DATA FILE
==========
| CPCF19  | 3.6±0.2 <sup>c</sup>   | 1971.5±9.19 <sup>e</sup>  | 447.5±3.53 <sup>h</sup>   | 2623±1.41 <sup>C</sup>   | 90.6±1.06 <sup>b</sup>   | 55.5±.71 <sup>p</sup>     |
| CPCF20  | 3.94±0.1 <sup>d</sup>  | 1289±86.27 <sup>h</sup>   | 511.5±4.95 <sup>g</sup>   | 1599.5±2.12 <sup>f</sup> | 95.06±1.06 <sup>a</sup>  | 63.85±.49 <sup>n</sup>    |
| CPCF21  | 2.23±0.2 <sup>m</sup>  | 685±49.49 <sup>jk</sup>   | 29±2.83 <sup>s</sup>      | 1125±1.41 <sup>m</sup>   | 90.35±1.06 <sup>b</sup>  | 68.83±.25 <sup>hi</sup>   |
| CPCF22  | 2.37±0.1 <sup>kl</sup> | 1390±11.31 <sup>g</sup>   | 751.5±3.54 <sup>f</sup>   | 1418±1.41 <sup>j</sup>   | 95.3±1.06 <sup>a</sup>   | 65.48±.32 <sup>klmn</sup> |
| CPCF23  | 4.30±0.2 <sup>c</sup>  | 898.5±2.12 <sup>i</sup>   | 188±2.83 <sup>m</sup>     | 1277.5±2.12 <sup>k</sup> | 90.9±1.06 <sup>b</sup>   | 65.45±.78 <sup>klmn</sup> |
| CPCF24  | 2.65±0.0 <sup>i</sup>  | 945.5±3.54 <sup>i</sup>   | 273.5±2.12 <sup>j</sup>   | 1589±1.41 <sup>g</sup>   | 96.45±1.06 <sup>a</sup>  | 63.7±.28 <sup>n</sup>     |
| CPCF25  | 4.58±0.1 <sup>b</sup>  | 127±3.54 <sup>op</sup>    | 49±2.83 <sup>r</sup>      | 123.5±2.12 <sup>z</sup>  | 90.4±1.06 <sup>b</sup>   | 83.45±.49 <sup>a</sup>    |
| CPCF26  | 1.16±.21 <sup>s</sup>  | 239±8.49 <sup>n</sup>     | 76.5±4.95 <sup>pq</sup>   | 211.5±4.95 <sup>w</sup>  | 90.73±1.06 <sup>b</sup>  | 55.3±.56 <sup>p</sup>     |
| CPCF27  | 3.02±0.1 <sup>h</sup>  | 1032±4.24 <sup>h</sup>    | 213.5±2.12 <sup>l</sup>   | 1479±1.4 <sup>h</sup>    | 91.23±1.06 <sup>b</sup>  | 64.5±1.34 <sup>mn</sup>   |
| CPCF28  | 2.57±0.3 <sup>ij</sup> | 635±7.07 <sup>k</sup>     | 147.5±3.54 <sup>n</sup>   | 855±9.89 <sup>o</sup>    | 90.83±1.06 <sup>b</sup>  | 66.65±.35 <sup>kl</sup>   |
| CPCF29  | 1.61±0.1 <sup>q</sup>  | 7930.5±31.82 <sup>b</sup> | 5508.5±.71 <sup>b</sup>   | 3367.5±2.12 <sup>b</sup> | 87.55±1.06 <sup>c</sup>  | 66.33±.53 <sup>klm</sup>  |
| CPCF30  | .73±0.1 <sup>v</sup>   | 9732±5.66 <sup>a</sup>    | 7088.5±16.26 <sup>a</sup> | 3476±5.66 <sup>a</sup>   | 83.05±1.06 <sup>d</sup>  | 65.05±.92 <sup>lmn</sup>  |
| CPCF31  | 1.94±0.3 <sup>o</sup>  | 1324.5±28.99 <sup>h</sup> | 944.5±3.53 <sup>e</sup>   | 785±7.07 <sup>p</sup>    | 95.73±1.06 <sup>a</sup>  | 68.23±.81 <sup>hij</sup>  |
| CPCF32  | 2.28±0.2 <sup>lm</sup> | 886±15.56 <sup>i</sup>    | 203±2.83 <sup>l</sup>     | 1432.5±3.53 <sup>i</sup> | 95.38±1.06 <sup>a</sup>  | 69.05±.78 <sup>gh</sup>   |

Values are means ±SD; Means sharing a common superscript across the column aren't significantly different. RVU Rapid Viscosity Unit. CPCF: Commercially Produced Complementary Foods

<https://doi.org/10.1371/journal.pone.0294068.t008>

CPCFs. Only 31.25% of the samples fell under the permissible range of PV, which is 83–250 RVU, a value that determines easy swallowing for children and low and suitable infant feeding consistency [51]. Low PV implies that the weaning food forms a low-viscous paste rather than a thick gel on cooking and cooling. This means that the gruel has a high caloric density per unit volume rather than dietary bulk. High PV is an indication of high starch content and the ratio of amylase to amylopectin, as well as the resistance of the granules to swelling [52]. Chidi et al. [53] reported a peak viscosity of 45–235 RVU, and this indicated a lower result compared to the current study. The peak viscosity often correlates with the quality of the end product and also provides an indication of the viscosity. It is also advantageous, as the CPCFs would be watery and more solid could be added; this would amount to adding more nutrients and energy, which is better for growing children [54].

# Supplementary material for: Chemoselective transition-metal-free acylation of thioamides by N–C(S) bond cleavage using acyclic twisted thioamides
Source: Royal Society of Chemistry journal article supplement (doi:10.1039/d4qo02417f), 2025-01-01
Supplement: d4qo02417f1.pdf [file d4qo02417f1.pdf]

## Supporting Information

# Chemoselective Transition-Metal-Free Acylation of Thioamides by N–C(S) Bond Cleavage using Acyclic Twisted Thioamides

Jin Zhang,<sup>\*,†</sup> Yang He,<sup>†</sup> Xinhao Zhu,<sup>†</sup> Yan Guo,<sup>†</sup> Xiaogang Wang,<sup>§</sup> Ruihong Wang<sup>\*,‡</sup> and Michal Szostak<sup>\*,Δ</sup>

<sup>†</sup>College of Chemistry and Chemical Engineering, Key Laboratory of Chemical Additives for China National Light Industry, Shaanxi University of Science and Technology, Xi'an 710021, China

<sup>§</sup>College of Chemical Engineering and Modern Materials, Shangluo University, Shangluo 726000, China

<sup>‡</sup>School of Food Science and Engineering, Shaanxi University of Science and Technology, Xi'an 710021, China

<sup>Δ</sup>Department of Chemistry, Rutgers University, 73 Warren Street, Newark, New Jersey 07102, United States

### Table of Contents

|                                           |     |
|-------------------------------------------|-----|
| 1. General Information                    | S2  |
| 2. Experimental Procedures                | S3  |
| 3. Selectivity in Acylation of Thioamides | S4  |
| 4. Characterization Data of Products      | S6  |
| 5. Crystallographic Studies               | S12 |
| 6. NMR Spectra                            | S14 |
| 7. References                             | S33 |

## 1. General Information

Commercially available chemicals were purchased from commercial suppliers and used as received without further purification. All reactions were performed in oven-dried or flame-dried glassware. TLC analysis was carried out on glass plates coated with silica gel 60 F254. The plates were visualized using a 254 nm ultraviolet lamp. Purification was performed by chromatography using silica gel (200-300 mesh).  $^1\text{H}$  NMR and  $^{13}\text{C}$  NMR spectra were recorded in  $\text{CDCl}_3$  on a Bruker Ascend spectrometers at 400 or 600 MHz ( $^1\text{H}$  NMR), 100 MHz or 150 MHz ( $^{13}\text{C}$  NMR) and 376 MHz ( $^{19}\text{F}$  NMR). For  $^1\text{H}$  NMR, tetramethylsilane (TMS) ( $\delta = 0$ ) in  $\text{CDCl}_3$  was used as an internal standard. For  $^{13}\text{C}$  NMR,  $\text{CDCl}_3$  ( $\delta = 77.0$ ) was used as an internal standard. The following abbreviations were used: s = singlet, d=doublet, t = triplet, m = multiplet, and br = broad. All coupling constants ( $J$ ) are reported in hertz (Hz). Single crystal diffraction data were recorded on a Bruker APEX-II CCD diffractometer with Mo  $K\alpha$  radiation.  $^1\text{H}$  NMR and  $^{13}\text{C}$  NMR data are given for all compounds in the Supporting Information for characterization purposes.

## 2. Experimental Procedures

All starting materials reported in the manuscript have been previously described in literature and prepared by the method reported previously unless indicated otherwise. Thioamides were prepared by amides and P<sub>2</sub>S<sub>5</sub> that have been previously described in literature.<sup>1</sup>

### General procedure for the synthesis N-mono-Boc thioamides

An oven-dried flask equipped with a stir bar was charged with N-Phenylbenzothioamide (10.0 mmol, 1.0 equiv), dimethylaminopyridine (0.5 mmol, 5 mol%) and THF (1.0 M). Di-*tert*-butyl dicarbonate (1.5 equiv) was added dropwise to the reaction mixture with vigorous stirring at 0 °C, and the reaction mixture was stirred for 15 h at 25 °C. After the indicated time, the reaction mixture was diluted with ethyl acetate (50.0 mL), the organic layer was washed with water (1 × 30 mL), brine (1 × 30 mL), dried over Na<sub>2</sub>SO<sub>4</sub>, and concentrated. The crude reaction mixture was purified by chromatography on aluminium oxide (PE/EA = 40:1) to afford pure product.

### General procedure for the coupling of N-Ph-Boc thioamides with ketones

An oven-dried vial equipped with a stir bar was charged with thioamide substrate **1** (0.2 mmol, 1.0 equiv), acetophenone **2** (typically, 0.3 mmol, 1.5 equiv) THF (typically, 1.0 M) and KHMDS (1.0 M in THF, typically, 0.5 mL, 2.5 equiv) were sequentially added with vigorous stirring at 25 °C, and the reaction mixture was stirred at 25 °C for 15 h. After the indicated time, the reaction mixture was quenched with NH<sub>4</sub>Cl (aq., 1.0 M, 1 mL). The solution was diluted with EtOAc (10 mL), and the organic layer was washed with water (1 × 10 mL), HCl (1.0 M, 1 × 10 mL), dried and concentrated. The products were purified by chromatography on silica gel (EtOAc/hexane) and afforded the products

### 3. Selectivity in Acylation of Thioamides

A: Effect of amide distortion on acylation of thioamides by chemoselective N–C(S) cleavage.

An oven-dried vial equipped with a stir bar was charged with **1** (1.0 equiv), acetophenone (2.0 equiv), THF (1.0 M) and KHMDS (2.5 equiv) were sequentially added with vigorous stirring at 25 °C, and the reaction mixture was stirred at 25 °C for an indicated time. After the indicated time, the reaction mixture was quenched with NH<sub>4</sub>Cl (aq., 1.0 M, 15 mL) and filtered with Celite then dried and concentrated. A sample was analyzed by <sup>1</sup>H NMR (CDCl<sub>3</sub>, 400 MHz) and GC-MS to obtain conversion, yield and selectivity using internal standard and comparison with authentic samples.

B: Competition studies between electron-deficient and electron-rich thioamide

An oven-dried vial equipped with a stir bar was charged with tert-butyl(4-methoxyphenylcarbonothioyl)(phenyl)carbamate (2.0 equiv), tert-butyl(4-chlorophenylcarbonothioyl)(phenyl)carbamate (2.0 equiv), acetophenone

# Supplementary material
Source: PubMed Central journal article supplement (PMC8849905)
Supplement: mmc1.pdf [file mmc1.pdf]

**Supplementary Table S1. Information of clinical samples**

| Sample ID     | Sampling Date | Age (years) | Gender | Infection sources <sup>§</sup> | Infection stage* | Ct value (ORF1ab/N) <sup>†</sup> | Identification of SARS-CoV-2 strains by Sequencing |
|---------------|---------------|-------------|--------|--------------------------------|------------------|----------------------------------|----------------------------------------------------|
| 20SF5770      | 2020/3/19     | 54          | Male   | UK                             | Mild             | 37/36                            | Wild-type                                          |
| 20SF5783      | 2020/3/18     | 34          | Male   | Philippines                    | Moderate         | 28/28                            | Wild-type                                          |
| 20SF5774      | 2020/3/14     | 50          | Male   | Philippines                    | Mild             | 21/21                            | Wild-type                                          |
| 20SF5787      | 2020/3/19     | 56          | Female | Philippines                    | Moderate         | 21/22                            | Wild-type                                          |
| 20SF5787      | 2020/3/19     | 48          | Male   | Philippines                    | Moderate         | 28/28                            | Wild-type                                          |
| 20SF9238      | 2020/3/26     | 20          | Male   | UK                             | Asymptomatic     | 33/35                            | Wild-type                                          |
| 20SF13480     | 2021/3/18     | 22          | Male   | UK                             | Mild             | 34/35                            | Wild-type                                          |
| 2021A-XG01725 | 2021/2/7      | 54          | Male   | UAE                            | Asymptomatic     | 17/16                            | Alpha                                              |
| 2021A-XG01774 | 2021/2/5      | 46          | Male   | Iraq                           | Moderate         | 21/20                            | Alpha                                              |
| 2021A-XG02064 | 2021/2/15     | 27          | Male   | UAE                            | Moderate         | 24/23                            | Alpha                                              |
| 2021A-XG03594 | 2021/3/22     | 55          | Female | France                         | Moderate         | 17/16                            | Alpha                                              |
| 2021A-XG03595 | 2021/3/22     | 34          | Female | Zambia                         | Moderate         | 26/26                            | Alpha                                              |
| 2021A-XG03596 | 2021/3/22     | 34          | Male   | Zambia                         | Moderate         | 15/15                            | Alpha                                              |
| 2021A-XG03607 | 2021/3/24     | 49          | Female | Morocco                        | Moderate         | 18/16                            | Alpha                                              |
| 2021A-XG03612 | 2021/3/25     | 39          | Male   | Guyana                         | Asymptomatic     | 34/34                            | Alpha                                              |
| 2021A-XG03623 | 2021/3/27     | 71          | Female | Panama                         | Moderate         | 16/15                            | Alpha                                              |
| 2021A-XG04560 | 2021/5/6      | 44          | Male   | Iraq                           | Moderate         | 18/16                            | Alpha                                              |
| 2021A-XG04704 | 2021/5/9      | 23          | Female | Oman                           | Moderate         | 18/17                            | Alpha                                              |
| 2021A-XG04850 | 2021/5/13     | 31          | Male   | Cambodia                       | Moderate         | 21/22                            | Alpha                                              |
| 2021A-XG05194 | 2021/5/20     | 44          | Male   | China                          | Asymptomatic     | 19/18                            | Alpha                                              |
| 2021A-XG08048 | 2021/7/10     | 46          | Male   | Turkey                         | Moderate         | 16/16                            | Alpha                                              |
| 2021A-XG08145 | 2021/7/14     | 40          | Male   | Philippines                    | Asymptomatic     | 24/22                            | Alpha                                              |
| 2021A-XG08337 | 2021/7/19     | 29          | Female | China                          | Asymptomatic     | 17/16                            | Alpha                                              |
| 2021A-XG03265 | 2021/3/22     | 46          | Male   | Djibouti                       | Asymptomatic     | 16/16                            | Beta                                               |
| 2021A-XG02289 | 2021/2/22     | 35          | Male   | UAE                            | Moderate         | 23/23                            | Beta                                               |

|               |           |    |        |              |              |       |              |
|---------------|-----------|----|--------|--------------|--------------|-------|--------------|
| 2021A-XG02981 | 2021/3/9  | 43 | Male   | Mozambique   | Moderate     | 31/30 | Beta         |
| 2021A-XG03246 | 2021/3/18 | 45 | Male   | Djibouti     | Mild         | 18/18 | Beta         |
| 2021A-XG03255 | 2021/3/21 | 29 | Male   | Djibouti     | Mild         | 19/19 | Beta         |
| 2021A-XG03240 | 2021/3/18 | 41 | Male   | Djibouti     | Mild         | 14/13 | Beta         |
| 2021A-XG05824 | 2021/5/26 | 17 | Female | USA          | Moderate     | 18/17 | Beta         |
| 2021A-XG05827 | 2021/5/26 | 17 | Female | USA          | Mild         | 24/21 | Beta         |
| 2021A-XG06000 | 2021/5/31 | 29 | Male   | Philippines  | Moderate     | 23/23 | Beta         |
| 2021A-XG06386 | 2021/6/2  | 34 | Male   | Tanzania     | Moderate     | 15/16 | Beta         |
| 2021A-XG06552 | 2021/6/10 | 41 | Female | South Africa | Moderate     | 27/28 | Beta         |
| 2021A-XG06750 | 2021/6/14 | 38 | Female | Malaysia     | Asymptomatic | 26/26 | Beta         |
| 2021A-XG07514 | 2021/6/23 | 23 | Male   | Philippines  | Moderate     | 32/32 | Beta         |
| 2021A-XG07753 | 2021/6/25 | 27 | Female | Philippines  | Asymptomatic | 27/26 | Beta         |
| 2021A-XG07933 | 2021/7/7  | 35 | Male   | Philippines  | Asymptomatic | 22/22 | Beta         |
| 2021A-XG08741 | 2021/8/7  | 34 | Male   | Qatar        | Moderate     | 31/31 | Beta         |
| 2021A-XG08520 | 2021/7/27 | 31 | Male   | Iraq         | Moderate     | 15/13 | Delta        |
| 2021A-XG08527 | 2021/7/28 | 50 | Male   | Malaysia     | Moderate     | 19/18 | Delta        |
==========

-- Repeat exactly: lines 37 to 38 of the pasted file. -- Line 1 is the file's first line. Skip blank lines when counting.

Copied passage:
| 7. References                             | S33 |

## 1. General Information